Professional Process Server vs The Sheriff

This is just one example below. All of us who have been doing process serving  for awhile have heard so many stories from others, and especially our own new potential clients, who call and complain that they tried the Sheriff because it was cheaper, but the Sheriff didn’t get the job done for them. Why? Because Sheriff’s servers tend to go out from about 9 AM to 3 PM, at which time they return to the office and write up their stuff so they can go home at 5.  They knock or ring a bell, and they do three attempts, and that’s it. If no one answers, the client is told that they couldn’t get it served, and of course the client’s money is spent.  ( Many of us would say “wasted”. )

The most egregious example I’ve personally heard of, was when a potential client called me at 4:20 PM on a week day and was freaking out. He’d sent the Sheriff with a Same Day Rush serve that just had to be served that day, to serve a defendant at work. The Sheriff’s server had gone there at 12:30 PM, only to find that the guy was… ( Wait for it! Drum roll, cymbal crash! ) out to lunch!  Quelle surprise!  And they’d just called him after 4 PM and told him this, and that they couldn’t get his serve done! He needed it done, rush, right then.

While we get a good fee for Same Day Rush service, I felt ethically obliged to decline the job. I told Mr. Potential Client that, while we certainly liked making money, the guy could be going home at 4:30, in some places they even go home at 3:30. So there was now way I could even be reasonably sure that I could get this done for him that late in the day, and I didn’t want to take even more money from him than the Sheriff had, and then possibly let him down.

It’s only a shame that clients don’t know about these things in advance, and so many of them don’t realize that choosing a process server is not the same as shopping around for the same model of  TV set.

It does matter who you pick.

Melissa Brookstone
Editor in Chief

Service of Process in a Georgia Divorce: Sheriff or Private Process Server?

Posted On: September 7, 2012

Service of Process in a Georgia Divorce: Sheriff or Private Process Server?

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In Georgia, a civil action, including a divorce, cannot go forward until the defendant is served with a copy of all pertinent legal papers (what is termed “service of process”). Unless the defendant is willing to acknowledge service, O.C.G.A § 9-11-4(c) dictates that service must be effected by a sheriff in the county where the defendant resides or by a process server appointed by the court.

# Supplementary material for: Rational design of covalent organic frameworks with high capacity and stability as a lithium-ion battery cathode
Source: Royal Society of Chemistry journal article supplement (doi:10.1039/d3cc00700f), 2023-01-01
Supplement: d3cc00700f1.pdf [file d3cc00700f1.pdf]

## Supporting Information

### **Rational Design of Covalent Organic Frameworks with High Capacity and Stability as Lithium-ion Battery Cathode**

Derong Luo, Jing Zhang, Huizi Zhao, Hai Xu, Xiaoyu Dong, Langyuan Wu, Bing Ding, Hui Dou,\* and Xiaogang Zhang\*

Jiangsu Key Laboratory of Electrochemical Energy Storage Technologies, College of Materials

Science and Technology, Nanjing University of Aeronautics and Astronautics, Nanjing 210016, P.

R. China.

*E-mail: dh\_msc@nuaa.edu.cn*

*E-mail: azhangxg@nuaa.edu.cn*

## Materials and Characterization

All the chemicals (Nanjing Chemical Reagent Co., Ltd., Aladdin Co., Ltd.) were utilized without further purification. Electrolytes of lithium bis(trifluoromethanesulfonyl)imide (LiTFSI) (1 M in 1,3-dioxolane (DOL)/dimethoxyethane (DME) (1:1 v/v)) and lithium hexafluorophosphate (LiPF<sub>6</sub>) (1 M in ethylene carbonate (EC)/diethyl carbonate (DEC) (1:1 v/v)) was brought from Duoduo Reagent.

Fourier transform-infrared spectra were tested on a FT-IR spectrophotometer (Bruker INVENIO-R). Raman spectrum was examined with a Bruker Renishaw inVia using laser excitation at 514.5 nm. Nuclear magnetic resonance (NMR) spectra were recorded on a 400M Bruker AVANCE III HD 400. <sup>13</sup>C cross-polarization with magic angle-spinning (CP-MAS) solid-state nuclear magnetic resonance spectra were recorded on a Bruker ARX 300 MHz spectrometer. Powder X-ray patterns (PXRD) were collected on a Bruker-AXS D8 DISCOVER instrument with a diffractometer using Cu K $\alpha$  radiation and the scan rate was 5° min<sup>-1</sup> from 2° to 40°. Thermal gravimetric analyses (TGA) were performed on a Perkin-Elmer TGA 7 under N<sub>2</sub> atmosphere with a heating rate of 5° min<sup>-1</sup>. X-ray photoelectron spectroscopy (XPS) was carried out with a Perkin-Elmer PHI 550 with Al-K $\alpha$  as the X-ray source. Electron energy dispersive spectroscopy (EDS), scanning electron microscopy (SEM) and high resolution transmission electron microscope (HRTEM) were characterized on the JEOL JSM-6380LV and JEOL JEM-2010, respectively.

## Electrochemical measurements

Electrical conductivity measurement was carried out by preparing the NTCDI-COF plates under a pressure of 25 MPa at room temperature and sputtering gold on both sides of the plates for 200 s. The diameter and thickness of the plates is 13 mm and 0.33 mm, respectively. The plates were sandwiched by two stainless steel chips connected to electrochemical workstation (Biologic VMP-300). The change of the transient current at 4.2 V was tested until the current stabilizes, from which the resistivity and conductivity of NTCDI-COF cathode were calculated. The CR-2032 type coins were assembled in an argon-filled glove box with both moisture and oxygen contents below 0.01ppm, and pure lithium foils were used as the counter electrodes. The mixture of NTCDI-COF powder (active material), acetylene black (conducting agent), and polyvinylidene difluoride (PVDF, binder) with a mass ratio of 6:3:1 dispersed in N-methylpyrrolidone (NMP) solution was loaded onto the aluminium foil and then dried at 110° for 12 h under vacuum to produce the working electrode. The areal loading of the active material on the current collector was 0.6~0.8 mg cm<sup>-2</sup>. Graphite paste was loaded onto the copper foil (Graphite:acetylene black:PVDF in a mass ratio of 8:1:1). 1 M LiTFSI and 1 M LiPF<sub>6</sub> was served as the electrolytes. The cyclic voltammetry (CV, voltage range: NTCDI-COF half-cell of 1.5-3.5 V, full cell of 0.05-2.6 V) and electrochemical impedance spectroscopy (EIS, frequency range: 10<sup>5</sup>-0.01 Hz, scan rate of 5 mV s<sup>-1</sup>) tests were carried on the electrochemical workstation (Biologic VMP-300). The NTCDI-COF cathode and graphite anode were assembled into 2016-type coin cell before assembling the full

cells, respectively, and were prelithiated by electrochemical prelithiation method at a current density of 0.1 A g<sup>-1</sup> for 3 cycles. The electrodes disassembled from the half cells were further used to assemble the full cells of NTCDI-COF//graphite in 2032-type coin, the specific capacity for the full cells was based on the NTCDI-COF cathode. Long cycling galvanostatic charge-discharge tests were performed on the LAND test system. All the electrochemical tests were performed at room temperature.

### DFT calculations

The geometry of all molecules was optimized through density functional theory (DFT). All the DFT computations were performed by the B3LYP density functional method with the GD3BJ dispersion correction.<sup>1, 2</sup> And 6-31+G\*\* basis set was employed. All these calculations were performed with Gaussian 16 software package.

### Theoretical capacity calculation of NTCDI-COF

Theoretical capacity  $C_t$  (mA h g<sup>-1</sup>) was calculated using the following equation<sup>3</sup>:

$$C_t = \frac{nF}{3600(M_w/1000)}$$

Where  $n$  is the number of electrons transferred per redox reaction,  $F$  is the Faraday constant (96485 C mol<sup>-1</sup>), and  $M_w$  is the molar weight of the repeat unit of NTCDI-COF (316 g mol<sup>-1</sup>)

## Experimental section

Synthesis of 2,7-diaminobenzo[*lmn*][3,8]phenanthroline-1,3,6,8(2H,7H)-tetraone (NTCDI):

We are often asked what the difference is between the sheriff serving process and a private process server serving process. Regarding the validity of service, there is no difference. However, private process servers are typically faster at getting a defendant served than the sheriff. Whereas it could take the sheriff weeks to attempt to serve a defendant, private process servers usually make their first attempt in 1-3 days and will generally make more attempts at service. Further, private process servers will often honor special requests, such as the time of day you would like the defendant served, whereas the sheriff cannot. Additionally, private process servers may have the flexibility to acquire information from others in the surrounding area (such as neighbors) as to a difficult-to-serve defendant’s whereabouts.

Private process servers typically charge more to serve process than the sheriff’s office; however, the fee is usually only about $25-35 more. Although the fee is a little higher, private process servers are typically quicker and can be more effective when attempting to serve a defendant.

For more information on service, we recommend you contact one of our Atlanta Divorce Attorneys to counsel you on your options.

By: Courtney H. Carpenter, Associate Attorney, Meriwether & Tharp, LLC

Posted by Meriwether & Tharp | Permalink | Email This Post

Posted In: Divorce




  1. Thanks for the interesting read about process servers and the sheriff. It’s good to know that a process server can get a defendant served usually faster than a sheriff. This sounds really useful if you have a limited deadline.

  2. Mia Stewart says:

    I like how the article explains that a process server is faster at getting the papers delivered and will make more attempts to get it delivered. My case is needing to have papers served to a person and we are wanting to get them delivered fast. We will look into using a process server to deliver them.

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